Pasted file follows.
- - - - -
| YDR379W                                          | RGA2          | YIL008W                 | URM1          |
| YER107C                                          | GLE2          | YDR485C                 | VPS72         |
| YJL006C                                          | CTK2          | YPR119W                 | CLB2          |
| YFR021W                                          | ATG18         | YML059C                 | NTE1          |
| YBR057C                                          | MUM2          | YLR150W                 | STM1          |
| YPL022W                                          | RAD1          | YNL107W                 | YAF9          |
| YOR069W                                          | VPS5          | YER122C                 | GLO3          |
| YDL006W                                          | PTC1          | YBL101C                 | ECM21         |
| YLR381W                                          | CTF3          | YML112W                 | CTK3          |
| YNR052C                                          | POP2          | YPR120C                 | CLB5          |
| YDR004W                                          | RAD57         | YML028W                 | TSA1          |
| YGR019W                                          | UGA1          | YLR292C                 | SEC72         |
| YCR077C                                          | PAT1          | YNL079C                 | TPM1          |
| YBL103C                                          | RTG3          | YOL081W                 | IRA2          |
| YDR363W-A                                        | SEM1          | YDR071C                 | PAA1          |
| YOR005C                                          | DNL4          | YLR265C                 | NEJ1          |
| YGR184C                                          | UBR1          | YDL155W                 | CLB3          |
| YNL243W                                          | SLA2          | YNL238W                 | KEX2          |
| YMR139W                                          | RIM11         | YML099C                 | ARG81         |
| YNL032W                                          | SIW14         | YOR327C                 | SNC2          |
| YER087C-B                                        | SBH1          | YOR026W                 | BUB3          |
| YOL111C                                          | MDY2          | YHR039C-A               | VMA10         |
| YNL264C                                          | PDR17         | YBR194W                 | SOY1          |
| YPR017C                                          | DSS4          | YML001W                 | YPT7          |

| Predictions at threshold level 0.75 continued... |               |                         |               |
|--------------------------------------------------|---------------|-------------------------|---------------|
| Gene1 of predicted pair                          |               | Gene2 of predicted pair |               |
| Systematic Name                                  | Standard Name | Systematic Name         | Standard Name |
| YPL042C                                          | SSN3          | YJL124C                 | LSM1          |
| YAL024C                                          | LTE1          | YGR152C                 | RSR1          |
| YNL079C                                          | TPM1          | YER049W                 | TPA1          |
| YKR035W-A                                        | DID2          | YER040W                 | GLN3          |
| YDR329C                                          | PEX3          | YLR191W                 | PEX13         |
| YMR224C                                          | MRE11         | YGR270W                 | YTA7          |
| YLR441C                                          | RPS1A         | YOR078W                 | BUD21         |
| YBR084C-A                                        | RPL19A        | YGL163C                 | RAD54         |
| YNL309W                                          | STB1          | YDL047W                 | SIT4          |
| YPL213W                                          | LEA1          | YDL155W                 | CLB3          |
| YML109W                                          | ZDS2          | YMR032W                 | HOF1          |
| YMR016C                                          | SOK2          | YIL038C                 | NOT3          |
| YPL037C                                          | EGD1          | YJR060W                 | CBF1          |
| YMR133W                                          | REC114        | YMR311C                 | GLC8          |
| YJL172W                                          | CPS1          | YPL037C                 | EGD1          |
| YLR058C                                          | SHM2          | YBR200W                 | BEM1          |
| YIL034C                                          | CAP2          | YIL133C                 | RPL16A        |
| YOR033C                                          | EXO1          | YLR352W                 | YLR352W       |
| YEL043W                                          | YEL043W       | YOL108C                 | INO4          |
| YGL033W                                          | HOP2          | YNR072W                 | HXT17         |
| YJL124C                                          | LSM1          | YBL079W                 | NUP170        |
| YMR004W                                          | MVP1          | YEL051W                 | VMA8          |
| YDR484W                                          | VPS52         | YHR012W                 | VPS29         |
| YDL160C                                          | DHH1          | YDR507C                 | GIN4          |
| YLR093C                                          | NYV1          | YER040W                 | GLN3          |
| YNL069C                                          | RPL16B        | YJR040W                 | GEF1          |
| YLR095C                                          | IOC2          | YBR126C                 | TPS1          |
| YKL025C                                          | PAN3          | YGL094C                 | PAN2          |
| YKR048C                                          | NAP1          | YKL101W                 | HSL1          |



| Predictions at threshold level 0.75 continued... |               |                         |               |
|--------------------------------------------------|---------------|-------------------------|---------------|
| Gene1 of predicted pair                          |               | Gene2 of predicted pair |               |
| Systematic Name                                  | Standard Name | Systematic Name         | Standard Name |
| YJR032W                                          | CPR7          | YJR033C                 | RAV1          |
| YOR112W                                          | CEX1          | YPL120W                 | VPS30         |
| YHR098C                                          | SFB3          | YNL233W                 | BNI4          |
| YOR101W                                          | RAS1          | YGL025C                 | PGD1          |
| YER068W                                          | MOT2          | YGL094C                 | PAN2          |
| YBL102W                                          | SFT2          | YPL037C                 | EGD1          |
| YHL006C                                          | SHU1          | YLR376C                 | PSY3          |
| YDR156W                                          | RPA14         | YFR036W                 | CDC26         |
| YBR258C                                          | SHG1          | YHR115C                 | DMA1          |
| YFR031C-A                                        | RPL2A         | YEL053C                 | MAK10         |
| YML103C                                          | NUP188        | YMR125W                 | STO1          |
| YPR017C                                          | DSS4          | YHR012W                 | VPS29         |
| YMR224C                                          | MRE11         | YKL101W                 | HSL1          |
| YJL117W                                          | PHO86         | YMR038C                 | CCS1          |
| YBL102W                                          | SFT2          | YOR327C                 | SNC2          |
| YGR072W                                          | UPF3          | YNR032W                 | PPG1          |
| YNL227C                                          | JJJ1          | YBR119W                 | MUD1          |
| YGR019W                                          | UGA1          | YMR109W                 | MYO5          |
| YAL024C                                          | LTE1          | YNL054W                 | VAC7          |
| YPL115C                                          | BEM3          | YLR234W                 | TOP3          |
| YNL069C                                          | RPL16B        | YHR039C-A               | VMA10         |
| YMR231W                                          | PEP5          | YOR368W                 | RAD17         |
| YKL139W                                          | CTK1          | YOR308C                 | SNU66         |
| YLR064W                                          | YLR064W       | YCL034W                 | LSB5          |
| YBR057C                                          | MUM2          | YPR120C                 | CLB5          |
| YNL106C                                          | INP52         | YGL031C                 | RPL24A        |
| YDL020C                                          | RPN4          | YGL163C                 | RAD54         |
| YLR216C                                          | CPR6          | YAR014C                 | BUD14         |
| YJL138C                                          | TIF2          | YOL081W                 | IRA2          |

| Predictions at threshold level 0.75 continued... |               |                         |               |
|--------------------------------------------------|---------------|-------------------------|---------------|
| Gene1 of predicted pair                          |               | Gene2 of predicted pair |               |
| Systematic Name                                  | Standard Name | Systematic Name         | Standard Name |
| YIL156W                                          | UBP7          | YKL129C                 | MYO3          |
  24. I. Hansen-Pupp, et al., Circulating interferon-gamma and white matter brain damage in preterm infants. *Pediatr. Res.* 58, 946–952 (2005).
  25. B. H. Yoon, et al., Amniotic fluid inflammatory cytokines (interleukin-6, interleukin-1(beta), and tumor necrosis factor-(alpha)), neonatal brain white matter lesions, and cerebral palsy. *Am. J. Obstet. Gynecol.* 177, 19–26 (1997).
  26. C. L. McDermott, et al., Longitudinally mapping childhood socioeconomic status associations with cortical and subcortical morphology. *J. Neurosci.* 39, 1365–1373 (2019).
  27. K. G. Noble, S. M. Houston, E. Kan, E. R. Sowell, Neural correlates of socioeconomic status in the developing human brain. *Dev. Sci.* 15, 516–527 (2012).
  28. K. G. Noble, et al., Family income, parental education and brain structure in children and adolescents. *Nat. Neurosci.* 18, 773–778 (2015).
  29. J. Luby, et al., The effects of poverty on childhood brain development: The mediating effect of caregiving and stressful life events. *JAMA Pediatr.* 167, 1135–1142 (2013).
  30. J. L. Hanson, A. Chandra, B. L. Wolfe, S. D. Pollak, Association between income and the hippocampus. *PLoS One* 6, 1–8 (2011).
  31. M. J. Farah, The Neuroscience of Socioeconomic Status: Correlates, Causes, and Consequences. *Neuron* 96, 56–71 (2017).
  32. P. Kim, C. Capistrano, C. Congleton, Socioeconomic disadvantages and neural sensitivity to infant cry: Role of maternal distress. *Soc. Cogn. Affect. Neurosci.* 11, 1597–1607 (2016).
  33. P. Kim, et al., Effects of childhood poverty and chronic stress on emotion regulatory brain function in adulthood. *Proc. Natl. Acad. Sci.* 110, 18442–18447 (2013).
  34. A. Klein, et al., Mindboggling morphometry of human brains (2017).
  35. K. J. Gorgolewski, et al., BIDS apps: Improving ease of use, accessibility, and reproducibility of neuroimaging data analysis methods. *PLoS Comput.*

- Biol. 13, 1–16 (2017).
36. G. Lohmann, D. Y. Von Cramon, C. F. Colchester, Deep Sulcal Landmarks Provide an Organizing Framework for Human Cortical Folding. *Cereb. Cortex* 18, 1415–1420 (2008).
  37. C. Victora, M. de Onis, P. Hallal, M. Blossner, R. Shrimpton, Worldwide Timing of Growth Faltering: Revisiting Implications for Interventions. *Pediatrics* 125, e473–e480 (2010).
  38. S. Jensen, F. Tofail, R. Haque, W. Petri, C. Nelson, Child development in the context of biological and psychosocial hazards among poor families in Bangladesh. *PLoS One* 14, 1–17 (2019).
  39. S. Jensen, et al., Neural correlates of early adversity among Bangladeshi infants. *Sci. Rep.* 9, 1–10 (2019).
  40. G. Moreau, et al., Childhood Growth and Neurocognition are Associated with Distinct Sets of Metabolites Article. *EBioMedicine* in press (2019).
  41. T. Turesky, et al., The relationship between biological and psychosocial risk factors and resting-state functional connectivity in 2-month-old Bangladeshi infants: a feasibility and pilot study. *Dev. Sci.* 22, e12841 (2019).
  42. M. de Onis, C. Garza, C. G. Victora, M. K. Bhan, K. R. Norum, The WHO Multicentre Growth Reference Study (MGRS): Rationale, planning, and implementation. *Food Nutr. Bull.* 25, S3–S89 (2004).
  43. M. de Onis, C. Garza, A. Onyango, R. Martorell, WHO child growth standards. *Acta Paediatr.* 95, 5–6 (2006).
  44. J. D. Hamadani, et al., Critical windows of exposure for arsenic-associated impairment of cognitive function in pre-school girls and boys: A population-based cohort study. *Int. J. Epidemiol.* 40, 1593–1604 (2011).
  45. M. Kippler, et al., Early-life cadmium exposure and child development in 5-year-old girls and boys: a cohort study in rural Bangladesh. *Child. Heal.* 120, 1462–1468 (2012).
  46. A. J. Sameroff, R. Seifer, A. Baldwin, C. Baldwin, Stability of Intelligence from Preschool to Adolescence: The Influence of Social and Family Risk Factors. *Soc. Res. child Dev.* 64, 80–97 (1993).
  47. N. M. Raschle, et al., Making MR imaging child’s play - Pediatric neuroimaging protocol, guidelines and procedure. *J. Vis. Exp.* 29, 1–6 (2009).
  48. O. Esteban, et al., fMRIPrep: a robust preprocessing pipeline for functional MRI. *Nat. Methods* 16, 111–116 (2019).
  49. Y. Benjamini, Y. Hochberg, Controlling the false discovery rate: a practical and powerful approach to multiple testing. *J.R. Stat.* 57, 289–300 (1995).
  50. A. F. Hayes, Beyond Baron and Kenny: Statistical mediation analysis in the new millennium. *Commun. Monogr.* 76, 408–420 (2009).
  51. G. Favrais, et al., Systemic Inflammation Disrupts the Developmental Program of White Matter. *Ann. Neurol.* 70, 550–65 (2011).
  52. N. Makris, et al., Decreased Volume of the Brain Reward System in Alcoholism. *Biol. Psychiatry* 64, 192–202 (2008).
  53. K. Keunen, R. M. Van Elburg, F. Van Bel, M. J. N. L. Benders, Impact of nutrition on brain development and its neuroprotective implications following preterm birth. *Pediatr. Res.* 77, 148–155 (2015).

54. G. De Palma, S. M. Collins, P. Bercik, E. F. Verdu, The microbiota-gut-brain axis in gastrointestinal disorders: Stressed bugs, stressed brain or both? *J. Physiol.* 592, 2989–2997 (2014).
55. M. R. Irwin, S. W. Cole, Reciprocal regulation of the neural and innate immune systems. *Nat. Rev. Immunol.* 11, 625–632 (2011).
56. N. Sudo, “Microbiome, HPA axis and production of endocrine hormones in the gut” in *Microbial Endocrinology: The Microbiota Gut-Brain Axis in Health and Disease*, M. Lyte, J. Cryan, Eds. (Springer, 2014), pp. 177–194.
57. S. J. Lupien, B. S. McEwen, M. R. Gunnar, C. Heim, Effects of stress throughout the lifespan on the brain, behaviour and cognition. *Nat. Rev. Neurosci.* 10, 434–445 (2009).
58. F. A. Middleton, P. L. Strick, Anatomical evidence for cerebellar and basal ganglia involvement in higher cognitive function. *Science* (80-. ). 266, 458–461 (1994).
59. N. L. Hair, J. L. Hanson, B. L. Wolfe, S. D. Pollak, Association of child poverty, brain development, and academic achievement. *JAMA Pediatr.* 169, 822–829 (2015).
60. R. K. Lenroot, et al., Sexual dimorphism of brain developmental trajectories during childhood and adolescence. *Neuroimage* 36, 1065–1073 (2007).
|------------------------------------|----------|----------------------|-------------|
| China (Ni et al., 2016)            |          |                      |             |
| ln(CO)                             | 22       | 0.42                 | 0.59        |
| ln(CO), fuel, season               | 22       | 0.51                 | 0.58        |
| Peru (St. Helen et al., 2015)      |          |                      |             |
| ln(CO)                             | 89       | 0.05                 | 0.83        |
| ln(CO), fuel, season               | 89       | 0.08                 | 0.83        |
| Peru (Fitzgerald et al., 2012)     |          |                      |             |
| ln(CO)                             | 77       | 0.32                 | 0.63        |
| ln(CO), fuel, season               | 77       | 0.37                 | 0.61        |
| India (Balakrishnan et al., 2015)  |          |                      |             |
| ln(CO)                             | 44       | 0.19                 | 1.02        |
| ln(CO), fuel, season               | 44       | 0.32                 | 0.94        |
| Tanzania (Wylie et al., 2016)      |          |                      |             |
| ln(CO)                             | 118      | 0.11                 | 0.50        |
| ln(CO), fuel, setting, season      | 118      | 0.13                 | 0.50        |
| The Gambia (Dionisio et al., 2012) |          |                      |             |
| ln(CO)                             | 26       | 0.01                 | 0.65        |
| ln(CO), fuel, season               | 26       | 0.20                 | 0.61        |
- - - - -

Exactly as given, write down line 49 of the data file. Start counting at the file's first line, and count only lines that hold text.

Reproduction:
| YJL124C                                          | LSM1          | YBL079W                 | NUP170        |